Darling Younger Son (DYS) is social, hysterical about physical pain but not overly sensitive to noise, emotionally labile, speaks in what seems like stream of consciousness, shares his thoughts readily, and is given to hyperbole  -- he does not have bad days, he has the WORST DAY in the HISTORY OF THE UNIVERSE; or, sometimes, best day.

Like many sibling pairs, DYS wants to be around DOS much more than vice versa.  Unlike many pairs, DOS is just not able to deal with it.  But unlike some, where one child is in a different part of the ballpark, it seems like he OUGHT to be able to deal with it. 

SOMETIMES he can.  For short periods.  On his terms. 

If he couldn’t cope, ever, at all… well, he would be in a more central part of the ballpark, and farther from us.  But it would be easier to understand, in a way, and easier to explain, certainly.  When a kid is verbal enough to say “Little brothers are OK. Until they learn to talk” then why can’t he be verbal all the time? 

Well, why does a 2 year old want to be alone?  Why does a 14 year old say “I really like a lot of space” while an 8 year old says “But I LIKE sleeping on top of you, Daddy!”?

I don’t know.  People vary.  Including our children.  We don’t have acronyms, we have kids.

We can be thankful for some stuff.  DOS has never been violent towards DYS.  He doesn’t lie about him.  He can make his wishes known with language, even if it isn’t always language DYS wants to hear, or can deal with.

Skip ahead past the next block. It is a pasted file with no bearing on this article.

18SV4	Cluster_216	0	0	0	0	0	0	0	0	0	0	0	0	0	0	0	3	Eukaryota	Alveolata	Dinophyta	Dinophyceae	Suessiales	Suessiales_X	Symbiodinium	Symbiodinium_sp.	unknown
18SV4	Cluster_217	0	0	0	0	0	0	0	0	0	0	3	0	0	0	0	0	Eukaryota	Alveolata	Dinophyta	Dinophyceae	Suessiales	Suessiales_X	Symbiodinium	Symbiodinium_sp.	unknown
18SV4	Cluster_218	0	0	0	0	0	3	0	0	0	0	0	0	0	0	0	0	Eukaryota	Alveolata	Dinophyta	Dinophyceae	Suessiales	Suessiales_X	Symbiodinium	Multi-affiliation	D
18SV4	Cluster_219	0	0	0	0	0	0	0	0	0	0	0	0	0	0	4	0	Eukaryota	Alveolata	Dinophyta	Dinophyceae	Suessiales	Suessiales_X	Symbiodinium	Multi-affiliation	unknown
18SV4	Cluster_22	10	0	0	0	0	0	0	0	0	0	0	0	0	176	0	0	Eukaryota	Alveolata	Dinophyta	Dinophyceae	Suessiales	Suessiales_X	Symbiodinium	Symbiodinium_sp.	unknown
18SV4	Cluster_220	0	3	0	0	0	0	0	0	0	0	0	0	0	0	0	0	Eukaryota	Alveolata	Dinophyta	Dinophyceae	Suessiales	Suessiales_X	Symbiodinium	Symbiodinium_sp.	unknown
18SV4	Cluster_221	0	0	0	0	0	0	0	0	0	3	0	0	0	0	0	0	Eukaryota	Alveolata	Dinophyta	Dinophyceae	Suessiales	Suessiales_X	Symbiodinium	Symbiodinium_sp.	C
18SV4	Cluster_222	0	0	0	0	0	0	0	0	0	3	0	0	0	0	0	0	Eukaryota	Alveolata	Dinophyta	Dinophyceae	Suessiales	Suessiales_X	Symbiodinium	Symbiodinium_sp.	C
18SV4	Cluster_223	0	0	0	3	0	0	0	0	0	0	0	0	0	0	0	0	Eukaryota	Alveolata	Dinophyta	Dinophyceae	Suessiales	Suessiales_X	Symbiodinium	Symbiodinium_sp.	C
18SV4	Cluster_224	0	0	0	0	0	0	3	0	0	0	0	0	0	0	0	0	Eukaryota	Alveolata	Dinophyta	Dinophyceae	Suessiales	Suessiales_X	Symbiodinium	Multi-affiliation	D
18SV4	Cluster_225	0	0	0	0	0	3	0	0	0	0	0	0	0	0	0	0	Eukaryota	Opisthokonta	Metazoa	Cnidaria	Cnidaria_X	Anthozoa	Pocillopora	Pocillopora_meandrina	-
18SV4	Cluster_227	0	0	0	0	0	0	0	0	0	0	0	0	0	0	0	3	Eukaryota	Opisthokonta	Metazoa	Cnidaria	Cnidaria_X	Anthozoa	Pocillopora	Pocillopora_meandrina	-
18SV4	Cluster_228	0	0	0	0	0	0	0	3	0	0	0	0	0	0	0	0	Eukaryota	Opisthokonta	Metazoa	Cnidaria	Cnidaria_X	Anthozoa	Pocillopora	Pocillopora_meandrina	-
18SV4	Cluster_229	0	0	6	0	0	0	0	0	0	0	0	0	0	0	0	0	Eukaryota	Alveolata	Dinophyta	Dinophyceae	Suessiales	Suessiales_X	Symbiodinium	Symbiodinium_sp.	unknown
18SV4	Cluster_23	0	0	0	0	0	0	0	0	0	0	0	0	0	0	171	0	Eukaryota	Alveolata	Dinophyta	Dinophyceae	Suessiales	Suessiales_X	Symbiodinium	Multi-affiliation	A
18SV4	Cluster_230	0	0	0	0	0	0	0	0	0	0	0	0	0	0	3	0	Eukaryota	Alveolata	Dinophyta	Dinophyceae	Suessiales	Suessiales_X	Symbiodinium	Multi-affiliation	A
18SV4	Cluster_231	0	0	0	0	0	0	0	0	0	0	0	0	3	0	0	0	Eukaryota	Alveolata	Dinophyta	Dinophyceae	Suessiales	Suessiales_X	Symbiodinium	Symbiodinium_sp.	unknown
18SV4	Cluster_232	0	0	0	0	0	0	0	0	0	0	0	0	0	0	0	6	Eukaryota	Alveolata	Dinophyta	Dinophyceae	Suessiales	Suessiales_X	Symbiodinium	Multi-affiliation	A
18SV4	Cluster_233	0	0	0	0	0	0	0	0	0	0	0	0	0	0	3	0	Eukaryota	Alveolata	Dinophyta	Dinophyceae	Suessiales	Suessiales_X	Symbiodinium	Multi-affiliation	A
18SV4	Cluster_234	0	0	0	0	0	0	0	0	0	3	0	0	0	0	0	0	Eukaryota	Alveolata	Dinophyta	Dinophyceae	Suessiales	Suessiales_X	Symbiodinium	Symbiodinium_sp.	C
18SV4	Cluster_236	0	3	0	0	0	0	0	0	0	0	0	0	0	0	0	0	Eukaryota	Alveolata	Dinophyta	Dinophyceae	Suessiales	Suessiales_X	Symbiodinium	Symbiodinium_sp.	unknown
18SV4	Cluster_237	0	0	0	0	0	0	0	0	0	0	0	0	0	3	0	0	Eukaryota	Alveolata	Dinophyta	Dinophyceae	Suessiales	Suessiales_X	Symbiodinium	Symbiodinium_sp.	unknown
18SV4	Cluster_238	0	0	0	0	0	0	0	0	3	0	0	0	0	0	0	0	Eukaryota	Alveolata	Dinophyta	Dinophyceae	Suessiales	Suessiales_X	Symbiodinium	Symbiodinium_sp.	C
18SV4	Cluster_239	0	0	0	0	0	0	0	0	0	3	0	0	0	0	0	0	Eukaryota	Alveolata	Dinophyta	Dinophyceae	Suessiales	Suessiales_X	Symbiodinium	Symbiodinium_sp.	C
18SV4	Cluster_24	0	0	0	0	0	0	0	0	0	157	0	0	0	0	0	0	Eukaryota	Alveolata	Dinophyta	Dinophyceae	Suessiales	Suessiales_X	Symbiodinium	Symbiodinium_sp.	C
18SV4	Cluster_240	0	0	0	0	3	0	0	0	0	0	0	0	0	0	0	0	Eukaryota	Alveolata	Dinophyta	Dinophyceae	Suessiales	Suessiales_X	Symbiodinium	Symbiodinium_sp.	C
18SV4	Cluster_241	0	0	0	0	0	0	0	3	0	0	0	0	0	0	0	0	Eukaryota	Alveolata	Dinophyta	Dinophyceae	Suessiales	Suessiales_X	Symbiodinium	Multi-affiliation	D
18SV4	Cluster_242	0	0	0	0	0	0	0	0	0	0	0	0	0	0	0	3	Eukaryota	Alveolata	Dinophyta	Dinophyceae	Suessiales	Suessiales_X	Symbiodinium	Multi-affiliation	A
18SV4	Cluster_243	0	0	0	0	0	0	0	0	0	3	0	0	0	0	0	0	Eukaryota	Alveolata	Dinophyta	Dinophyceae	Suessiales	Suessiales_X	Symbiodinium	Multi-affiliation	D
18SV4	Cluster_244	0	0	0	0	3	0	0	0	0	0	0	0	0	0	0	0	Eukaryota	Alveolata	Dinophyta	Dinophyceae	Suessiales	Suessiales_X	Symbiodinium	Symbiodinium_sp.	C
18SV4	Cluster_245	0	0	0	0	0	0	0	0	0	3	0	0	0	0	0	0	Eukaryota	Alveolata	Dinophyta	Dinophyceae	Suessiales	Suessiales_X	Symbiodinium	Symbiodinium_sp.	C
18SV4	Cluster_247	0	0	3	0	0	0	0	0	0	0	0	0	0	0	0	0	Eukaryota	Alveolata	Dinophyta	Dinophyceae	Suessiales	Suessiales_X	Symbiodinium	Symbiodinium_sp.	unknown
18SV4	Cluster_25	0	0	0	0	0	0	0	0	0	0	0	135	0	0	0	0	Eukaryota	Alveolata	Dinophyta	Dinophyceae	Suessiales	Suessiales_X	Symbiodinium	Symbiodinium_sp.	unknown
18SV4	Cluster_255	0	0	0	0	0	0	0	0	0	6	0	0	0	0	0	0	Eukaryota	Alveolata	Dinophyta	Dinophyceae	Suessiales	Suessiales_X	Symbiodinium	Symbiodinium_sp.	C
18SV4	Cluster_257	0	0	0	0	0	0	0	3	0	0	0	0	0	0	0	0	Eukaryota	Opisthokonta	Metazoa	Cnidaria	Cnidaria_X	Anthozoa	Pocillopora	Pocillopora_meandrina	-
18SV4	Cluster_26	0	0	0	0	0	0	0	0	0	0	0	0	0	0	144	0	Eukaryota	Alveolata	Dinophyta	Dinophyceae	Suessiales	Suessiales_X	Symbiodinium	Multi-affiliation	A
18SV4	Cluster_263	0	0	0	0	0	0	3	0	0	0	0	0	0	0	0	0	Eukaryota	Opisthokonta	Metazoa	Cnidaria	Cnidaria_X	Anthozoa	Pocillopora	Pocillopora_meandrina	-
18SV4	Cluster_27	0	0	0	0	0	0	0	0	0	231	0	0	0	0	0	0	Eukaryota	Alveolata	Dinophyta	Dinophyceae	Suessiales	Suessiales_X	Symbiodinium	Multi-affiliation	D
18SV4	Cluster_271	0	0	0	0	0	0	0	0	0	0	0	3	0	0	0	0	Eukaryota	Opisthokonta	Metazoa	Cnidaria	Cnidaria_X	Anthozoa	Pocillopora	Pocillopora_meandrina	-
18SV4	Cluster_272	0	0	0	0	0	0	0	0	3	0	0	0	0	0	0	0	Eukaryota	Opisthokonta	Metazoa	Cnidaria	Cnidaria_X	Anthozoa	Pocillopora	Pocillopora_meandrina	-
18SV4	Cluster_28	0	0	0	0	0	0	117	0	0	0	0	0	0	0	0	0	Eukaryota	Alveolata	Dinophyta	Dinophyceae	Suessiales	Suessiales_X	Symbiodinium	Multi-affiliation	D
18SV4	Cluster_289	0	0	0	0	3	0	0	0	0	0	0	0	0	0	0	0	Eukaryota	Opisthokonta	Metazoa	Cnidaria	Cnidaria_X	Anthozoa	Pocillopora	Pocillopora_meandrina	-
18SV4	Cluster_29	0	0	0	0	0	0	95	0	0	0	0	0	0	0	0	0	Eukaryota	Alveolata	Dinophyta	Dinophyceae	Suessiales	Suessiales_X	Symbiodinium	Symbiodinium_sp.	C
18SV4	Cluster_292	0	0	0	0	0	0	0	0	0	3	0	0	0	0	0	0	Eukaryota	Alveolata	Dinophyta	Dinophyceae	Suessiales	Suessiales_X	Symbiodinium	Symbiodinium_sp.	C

Will they get along better later?  Probably.  I hope so. 

Siblinghood is powerful. 


I love how Peter's love for his sons and his endless patience with them shines through here.  One of the wonderful things about Peter is his accepting attitude towards his children, as he says above: "We don’t have acronyms, we have kids."

I can also say, with firsthand knowledge, that far from "lacking a sense of humor," Peter is one of the funniest people I know.  I love his jokes, like this one, about Aspergers.

Now that you have read Peter here, you're going to want to get to know more about him, so go to his blog, I am learning disabled. He doesn't blog often, but when he does, it is always worth reading.

Try the post where Peter talks about his view of autism as a ballpark, or this one, where he lists some things NOT to say to him, or this one, where he talks about thinking so far out of the box, he doesn't even see it.

Besides writing on his own blog, Peter is also a contributor to many other sites including Yahoo's Associated Content, and Daily Kos where he is an active and involved writer and community member.

Finally, you can find and follow him on Twitter, where he maintains two different handles:
peterflomLD for his thoughts on special needs and as plain old peterflom for his thoughts on all else, including (liberal) politics.

Thank you Peter, for kicking off June, Father's Day month, with your insights as both a father and a sibling. I am happy and proud to call you my friend.